Ant-Man and the Wasp, 2018.
Directed by Peyton Reed.
Starring Paul Rudd, Evangeline Lilly, Michael Douglas, Hannah John-Kamen, Michael Peña, Walton Goggins, Abby Ryder Fortson, Bobby Cannavale, T.I., David Dastmalchian, Divian Ladwa, Laurence Fishburne, Judy Greer, Randall Park, Michael Cerveris, Rob Archer, Sean Kleier, Goran Kostic, Benjamin Byron Davis, Riann Steele, and Michelle Pfeiffer.
As Scott Lang balances being both a Super Hero and a father, Hope van Dyne and Dr. Hank Pym present an urgent new mission that finds the Ant-Man fighting alongside The Wasp to uncover secrets from their past.
And deep breath. After the joyous cataclysm of Avengers: Infinity War, Ant-Man and the Wasp is a welcome disposable dose of silliness. Now some 20 films into the ever-growing universe, Marvel have fine-tuned the release schedule to a science, venturing from the very largest to the very literally smallest film in the space of a few months.
They too understand that not every film necessarily needs to be world changing. Although Ant-Man and the Wasp does lay the pieces of a future journey further into the quantum realm, it does this flippantly. It has little care for the world around it: no Cap, no Stark, no Guardians, just Paul Rudd and co. acting like fools.
Rudd returns as Scott Lang now under house arrest following the events of Captain America: Civil War. Under the watchful eye of S.H.I.E.L.D. agent Jimmy Woo (a delightful Randall Park), he is limited to reenacting his past heroics with daughter Cassie (Abby Ryder Forston) and learning sleight of hand magic tricks – which in a running gag seems to only impress adults.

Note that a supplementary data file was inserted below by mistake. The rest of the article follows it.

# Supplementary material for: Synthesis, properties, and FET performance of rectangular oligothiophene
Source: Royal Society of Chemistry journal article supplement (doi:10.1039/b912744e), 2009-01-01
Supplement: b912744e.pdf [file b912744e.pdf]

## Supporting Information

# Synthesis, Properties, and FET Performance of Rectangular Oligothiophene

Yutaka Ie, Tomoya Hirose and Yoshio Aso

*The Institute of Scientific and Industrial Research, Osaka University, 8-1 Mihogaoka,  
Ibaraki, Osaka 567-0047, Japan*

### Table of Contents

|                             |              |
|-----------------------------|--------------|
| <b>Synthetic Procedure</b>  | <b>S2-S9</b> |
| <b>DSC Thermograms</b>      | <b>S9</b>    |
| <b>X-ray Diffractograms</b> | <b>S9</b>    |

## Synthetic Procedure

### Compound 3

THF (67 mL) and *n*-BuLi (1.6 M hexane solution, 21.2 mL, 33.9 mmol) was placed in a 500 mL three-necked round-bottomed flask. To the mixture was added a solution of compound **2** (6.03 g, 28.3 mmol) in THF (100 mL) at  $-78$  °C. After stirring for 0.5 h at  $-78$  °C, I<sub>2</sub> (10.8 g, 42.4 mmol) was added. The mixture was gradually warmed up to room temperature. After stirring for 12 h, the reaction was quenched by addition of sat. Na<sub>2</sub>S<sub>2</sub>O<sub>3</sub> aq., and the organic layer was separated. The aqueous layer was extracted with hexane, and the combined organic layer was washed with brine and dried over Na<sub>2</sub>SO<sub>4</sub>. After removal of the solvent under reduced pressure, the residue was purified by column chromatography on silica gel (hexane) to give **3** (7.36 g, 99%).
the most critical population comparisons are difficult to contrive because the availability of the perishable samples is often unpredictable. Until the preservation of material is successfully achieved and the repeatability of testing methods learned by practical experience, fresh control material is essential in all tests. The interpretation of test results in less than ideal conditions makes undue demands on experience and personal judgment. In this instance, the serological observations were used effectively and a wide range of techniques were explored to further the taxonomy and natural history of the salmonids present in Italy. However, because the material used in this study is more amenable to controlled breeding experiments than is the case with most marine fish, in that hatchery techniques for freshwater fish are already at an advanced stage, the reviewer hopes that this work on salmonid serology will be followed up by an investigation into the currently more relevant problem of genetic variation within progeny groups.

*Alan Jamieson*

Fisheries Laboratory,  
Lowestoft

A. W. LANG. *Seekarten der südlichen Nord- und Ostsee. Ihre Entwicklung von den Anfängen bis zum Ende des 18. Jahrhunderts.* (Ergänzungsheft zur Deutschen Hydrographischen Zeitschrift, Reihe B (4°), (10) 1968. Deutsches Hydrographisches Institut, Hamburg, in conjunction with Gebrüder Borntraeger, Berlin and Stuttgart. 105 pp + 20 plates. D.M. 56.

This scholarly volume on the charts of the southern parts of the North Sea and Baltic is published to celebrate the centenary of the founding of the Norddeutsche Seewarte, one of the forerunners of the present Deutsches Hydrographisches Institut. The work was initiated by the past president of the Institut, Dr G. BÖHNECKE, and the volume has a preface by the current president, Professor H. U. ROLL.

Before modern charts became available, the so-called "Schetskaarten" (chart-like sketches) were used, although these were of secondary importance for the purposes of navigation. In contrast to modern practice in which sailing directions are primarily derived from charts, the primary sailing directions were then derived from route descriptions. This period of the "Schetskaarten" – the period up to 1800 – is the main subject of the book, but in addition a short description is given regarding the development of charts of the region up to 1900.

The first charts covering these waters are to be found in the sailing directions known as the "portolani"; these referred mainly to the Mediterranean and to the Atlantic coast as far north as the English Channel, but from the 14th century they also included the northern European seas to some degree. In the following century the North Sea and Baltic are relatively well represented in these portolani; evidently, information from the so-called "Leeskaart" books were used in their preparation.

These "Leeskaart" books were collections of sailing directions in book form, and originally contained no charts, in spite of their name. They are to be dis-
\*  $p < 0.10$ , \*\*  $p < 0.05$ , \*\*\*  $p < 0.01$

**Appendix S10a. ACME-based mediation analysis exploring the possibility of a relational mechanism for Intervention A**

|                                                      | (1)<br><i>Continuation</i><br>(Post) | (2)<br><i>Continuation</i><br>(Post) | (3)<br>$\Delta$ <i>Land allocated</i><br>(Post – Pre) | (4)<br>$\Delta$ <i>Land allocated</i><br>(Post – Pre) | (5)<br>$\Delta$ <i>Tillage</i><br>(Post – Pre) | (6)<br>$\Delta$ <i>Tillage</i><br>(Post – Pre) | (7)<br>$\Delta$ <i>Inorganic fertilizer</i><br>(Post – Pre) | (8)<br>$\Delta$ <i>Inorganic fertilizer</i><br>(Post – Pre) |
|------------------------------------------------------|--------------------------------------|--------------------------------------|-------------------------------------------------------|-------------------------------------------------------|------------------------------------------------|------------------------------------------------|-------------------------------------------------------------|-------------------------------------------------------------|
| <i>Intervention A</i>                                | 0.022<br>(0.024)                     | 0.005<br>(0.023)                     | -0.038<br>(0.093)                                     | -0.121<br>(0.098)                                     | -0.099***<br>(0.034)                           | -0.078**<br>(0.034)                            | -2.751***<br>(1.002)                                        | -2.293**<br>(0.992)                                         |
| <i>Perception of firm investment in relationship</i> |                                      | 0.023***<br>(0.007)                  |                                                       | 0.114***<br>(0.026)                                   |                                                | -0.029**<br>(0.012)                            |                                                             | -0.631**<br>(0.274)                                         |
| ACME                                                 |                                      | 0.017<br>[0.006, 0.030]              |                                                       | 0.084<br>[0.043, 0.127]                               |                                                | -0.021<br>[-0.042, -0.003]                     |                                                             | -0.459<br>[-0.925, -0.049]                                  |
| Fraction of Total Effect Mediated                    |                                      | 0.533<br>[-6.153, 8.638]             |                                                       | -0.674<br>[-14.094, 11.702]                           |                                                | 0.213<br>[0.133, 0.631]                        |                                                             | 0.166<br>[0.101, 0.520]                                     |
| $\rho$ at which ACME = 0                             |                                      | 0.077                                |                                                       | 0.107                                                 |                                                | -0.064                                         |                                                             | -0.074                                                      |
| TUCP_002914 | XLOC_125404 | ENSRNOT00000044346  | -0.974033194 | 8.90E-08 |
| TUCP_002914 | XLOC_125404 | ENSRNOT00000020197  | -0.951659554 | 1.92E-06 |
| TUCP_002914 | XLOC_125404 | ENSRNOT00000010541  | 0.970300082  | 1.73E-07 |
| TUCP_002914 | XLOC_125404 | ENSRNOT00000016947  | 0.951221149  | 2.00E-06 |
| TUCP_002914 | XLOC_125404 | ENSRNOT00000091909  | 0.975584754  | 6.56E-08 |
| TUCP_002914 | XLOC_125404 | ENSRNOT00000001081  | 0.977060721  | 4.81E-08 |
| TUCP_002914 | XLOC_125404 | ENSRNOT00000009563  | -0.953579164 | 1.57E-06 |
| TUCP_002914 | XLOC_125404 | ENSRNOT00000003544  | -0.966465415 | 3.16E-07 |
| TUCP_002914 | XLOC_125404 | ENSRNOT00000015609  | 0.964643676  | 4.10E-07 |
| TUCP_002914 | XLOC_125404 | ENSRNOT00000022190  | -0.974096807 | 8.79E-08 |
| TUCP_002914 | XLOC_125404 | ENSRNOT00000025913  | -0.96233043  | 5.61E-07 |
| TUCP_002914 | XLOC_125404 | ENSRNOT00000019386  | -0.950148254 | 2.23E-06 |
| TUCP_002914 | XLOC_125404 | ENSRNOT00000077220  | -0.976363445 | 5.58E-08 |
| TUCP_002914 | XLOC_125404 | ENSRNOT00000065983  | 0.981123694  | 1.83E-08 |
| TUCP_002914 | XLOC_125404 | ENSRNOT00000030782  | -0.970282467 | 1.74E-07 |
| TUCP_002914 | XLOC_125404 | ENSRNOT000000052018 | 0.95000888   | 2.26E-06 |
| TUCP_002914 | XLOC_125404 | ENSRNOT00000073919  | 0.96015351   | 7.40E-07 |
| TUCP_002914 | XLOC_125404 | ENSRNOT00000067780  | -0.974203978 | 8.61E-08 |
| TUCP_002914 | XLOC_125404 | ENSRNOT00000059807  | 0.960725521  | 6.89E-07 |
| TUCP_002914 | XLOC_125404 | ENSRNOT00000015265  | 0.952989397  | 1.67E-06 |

Hope Van Dyne (Evangeline Lilly) and father Hank Pym have different plans for Lang. On the hunt for missing wife Janet deep in the quantum realm, they up Lang days before release in hope that he can bring her home. All this whilst fighting mysterious, phase shifting villain Ghost (Hannah John-Kamen) and sleazy, gangster type Sonny Burch (Walton Goggins).
Director Peyton Reed exploits Rudd for everything he’s worth, creating what is effectively a greatest hits of Rudd-isms. Dramatically he has the least to do, and even at a time in which the film delves into dramatic exposition, Rudd is made to play class clown.
It’s much needed, drama never exactly suited Ant-Man. The first film was at its best when it played with the conventions of a grown man shrinking, making a Thomas the Tank Engine toy the most dangerous foe he could face. And Reed has learnt from that.
There’s more Michael Peña and his merry band of boobs. There’s more of his joyous retelling of stories, more David Dastmalchian’s Kurt who reveals himself to be horrified by folktale villain “Baba Yaga,” and more shrinking silliness.
The whole thing is fun, nothing more, nothing less. So at an excessive 118 minutes, it’s a shame there’s all too much dead weight. A final, albeit entertaining car chase drags unnecessarily and the addition of Laurence Fishburne as onetime Pym colleague Dr. Bill Foster exists only as a mechanism for exposition.
It’s here when it begs the questions; is it fun enough? Well, maybe. Reed plays Ant-Man and the Wasp like a live-action animation, playing into Saturday morning serialised adventure shows of your youth. Moments needed to be taken seriously sit awkwardly in the mix, but there’s enough to enjoy around it that they can be buried beneath a giggle.
Go for scene-stealer Michael Peña and Rudd upping the ante on his Rudd-isms, stay reluctantly for the mid-credits sequence that, well you know…
Flickering Myth Rating – Film: ★ ★ ★ / Movie: ★ ★ ★